It is perhaps to avoid this problem that Winn suggests that the isoglosses shared in common by these branches are not innovations developed by these branches in common, but archaic features which have been retained by otherwise separately migrating branches. 

In respect of the r-isogloss, for example, Winn puts it as follows : “Celtic, Italic, Hittite, Tocharian, and (probably) Phrygian share an interesting isogloss : the use of ‘r’ to indicate the passive forms of verbs.  This feature, which does not occur in any other Indo-European language, is probably an example of the ‘archaism of the fringe’ phenomenon.  When a language is spread over a large territory, speakers at the fringe of that territory are likely to be detached from what goes on at the core.  Linguistic innovations that take place at the core may never find their way out to peripheral areas; hence dialects spoken on the fringe tend to preserve archaic features that have long since disappeared from the mainstream… Tocharian… was so remote from the center that it could hardly have taken part in any innovations.”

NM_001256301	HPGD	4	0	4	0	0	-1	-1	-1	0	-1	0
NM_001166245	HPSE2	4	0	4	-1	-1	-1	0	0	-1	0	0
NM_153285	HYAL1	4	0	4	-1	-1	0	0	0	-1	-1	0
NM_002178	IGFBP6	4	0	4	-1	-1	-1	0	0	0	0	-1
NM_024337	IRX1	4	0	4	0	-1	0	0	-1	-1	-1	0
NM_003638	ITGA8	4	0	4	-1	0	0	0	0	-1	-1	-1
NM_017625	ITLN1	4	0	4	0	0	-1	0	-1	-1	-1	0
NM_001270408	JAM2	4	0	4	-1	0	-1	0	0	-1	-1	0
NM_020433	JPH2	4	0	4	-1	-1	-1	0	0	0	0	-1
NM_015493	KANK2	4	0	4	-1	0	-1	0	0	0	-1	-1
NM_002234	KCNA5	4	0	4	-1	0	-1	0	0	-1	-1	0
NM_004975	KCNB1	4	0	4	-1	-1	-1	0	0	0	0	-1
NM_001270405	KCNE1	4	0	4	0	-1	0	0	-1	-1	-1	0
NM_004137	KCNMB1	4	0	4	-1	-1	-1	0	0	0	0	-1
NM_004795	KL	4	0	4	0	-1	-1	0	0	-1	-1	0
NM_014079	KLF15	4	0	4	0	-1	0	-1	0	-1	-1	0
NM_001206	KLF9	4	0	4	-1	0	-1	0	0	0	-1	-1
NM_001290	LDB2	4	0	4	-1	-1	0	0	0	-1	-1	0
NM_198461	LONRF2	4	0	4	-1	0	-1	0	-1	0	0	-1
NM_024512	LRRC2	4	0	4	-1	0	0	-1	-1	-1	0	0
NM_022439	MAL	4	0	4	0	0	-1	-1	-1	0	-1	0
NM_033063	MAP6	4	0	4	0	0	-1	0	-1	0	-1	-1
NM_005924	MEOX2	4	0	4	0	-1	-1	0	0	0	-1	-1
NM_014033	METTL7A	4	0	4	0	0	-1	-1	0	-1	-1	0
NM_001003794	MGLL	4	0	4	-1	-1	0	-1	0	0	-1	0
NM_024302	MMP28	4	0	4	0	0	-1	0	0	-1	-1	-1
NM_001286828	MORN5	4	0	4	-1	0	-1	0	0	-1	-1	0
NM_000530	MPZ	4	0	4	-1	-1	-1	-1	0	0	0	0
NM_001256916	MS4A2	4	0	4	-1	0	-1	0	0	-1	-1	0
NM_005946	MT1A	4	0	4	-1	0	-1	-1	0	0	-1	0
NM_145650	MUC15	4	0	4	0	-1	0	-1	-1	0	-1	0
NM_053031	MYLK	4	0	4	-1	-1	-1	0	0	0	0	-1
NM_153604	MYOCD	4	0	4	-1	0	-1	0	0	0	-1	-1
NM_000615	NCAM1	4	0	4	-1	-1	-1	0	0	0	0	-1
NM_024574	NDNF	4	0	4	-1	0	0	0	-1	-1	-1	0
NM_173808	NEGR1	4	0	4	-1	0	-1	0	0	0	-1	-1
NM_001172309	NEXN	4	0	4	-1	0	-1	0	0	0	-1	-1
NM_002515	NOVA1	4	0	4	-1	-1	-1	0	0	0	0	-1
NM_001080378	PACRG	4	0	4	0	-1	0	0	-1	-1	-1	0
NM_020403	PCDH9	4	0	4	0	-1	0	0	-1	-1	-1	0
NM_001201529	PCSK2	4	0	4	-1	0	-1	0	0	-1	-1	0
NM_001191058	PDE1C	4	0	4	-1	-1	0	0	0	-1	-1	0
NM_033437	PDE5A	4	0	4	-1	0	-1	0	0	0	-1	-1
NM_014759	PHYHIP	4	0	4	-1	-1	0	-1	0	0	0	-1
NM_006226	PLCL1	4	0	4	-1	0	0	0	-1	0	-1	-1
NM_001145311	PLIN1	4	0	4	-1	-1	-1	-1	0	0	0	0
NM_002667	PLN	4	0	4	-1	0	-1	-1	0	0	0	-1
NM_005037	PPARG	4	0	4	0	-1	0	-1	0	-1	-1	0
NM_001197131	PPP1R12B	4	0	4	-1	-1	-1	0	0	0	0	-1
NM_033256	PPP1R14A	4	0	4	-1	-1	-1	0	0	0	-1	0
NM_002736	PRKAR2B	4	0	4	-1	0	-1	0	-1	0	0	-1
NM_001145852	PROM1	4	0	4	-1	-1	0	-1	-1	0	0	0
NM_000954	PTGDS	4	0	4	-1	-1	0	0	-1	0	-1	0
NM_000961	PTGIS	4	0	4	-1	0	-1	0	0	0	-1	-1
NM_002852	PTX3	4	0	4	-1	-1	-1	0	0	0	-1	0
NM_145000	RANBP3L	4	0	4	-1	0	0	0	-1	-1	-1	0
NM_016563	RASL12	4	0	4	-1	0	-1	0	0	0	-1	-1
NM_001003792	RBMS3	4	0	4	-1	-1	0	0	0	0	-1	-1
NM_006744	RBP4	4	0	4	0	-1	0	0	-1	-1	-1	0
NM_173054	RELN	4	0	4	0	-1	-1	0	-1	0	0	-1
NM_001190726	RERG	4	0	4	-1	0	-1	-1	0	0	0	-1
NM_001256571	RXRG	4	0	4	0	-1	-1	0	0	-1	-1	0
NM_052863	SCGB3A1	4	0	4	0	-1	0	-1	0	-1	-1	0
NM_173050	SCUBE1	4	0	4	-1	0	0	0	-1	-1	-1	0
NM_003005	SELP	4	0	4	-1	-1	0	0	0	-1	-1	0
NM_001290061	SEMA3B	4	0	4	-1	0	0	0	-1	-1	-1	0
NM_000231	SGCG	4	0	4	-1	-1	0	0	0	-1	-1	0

However, it is more logical to treat this isogloss as an innovation developed in common by a few branches after their departure from the homeland, than to postulate that all the other otherwise disparate branches eliminated an original “use of ‘r’ to indicate the passive forms of verbs”. 

  1. What is indeed an example of the “archaism of the fringe” phenomenon is the phenomenon of palatalization. 

Winn describes it as follows : “Palatalization must have been a late phenomenon; that is, we date it to a post-PIE era, in which whatever unity that once existed had now broken down, and most of the dialect groups had dispersed : looking at the geographical distribution of this isogloss, we may note its absence from the peripheral languages : Germanic (at the northwest limit of Indo-European language distribution); Celtic (western limit); Italic, Greek and Hittite (southern limit); and Tocharian (eastern limit).  It is the languages at the center that have changed.  Here, at the core, a trend towards palatalization started; then gradually spread outward.  It never reached far enough to have any effect on the outlying languages.”